Dorothea never had a family of her own. Instead, she transposed all her love upon her nephew, a talented but terribly conflicted artist and journalist, who was to eventually commit suicide. Heartbroken, she turned for solace to a young girl she had befriended and who was now living on the other side of the world. When I went to stay with her for the first time, at the age of twenty, it was as if I had known her all my life. I could remember most of her letters by heart and would ask questions about events as if I had experienced them. Dorothea would proudly show me photographs of her trip to Australia, before my parents were married, Paris and other exotic locations, mixed with historical artifacts from Yiannena. She would also rummage through her drawers, to extract pictures of my aunts, photographed with King Paul on the occasion of his visit to the village. Further, she had kept photographs of almost every single class she had ever taught, a veritable family tree for me. On that first stay, she would wake me up at the crack of dawn on Sundays and send me off to church. Upon my return, a breakfast consisting of mouth-watering pita would ensue and a lengthy lecture in her heavily accented didactic tone, about Bishop Seraphim's time as minister in the Autonomous Republic of Northern Epirus, because of course, she knew him. He was a friend of her father's.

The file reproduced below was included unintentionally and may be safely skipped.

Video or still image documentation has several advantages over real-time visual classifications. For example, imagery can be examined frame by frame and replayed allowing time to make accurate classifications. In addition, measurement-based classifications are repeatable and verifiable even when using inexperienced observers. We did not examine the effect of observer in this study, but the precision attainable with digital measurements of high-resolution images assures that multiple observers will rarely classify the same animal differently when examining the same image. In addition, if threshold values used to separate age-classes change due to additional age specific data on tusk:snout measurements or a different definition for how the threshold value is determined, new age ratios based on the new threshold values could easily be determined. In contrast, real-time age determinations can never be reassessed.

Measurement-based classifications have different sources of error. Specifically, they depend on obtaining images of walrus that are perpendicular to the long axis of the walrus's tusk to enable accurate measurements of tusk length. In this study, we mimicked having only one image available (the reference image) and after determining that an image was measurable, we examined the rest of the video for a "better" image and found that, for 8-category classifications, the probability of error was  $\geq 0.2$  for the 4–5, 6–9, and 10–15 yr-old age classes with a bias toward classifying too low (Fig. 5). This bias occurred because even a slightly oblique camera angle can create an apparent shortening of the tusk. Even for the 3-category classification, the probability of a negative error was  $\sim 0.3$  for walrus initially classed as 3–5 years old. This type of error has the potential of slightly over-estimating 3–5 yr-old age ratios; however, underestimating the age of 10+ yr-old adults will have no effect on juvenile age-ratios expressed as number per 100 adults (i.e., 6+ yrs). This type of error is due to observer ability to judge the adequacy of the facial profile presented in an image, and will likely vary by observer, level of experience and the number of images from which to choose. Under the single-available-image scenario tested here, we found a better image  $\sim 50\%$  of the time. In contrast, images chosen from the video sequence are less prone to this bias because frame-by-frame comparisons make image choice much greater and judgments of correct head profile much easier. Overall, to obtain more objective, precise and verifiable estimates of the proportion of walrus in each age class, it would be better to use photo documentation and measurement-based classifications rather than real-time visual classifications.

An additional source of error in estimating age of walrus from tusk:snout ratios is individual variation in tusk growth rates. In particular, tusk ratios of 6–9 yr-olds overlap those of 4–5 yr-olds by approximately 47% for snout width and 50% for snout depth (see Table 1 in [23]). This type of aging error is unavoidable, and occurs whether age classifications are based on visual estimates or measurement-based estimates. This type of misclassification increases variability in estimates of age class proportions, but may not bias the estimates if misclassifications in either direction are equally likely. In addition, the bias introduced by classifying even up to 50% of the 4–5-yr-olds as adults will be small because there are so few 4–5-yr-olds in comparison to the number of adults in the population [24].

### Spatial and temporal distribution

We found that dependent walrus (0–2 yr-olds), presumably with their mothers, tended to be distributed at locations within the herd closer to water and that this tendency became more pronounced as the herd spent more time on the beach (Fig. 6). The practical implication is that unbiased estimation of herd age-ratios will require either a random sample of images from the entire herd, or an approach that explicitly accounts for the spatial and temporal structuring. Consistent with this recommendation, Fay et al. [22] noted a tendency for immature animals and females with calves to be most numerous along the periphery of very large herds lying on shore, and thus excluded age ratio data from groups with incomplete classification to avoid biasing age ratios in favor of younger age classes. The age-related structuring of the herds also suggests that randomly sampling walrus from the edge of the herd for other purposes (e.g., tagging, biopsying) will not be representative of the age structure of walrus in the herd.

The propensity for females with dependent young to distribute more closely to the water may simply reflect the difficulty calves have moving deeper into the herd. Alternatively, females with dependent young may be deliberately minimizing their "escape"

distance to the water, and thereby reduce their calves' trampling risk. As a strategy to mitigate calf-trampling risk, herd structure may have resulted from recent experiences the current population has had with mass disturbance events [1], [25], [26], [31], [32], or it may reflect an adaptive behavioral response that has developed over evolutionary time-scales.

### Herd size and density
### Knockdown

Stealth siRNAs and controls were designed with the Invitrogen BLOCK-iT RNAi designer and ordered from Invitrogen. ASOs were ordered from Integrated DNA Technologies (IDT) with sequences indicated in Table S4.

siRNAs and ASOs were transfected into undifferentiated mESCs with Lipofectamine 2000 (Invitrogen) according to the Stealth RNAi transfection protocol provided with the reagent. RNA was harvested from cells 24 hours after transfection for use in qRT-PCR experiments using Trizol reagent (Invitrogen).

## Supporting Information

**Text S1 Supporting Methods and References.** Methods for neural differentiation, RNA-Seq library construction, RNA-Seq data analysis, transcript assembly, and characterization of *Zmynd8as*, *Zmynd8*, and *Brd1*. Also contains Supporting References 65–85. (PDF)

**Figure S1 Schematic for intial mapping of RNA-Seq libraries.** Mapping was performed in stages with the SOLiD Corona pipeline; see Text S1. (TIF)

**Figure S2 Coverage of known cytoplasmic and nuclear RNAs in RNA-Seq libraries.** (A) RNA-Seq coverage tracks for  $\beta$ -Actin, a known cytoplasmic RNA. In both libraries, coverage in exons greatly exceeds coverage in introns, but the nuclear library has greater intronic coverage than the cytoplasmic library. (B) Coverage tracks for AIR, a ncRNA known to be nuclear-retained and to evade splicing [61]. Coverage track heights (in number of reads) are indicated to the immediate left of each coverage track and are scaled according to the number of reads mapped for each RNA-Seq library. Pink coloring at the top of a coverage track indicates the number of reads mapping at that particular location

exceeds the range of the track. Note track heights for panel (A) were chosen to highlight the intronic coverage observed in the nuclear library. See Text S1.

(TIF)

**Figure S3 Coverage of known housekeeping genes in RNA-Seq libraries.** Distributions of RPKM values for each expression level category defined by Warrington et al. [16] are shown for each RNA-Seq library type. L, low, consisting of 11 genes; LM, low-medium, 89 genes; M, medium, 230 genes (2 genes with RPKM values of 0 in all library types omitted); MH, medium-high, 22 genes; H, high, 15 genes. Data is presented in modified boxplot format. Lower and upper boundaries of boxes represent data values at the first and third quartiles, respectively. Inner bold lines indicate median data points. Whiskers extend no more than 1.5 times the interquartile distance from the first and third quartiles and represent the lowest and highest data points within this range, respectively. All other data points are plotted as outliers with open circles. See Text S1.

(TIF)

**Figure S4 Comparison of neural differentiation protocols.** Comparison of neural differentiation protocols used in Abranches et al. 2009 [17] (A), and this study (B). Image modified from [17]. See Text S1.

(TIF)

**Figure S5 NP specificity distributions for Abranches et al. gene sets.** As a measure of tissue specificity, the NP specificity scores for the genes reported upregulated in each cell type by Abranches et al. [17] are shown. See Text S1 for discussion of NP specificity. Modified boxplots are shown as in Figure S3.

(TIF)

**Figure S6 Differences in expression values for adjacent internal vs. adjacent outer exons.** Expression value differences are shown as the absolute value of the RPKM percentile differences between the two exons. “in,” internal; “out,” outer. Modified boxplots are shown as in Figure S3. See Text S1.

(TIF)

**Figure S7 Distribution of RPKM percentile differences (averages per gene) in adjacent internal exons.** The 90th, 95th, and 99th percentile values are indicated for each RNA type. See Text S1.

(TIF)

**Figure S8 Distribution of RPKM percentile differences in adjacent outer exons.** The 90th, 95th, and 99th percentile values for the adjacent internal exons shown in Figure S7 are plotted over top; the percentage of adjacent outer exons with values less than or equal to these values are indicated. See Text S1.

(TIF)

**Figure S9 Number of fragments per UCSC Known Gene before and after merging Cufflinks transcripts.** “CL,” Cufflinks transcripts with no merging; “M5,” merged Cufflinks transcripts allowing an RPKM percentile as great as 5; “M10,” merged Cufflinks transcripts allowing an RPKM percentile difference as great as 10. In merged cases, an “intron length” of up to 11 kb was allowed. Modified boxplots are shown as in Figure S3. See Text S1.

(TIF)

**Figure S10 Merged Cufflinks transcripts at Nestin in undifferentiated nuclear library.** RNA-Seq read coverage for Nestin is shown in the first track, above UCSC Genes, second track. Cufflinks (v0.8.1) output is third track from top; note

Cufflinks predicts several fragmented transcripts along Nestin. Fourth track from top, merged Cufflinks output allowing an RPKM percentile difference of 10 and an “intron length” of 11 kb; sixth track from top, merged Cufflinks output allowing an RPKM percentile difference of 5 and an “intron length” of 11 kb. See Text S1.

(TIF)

The last time I saw Dorothea, I was in Greece with my mother. She was by now 92 and in a very poor way. Paying an impromptu visit to her house, we were shocked. Walking in unannounced, we saw none of the antique furnishings, Byzantine icons, books, or photographs. Albanian families were living in each room and she was alone, in a room bereft of any furnishings save a bed and a tabled, a shriveled, emaciated caricature of her former self. "She probably won't recognize you," her Albanian carer lisped. "Most of the time she is unconscious." As my mother leaned over her bed, tears in her eyes, and whispered: "Dorothea, it's me, and Kosta," I noticed my first two poetry collections on her bedside table. "Are you Kosta?" Dorothea's carer asked. "I've been wondering who you were. Until a month ago, she would make us read from these books every day and tell us all about you."
Dorothea, lying on her deathbed, stirred and opened her hollow eyes. She blinked twice as she looked at us. "Eleni, Kosta," she whispered, "I love you." And that was it. She lapsed into unconsciousness once more, sinking lower and lower into the mattress as if into oblivion and we took our leave, too distraught to be thankful for the opportunity to have bid her farewell.
Three months later, Dorothea died. The night before, my mother dreamt that someone had taken the divan out of her house and was chopping it to pieces. In it, were the multitude of letters that she had written to us over the years and they flew into the air, where they caught fire, spreading ash over the road. If you are ever in Yiannena, go to the mosque in the citadel, which is now a museum and seek out an exquisitely worked silver tray displayed in a cabinet near the window. It is of great historical significance. For it was at one time, used to serve Esat Pasha, the last pasha of Yiannena coffee and at another, the last person that Dorothea ever spoke to.

First published in NKEE on 11 January 2010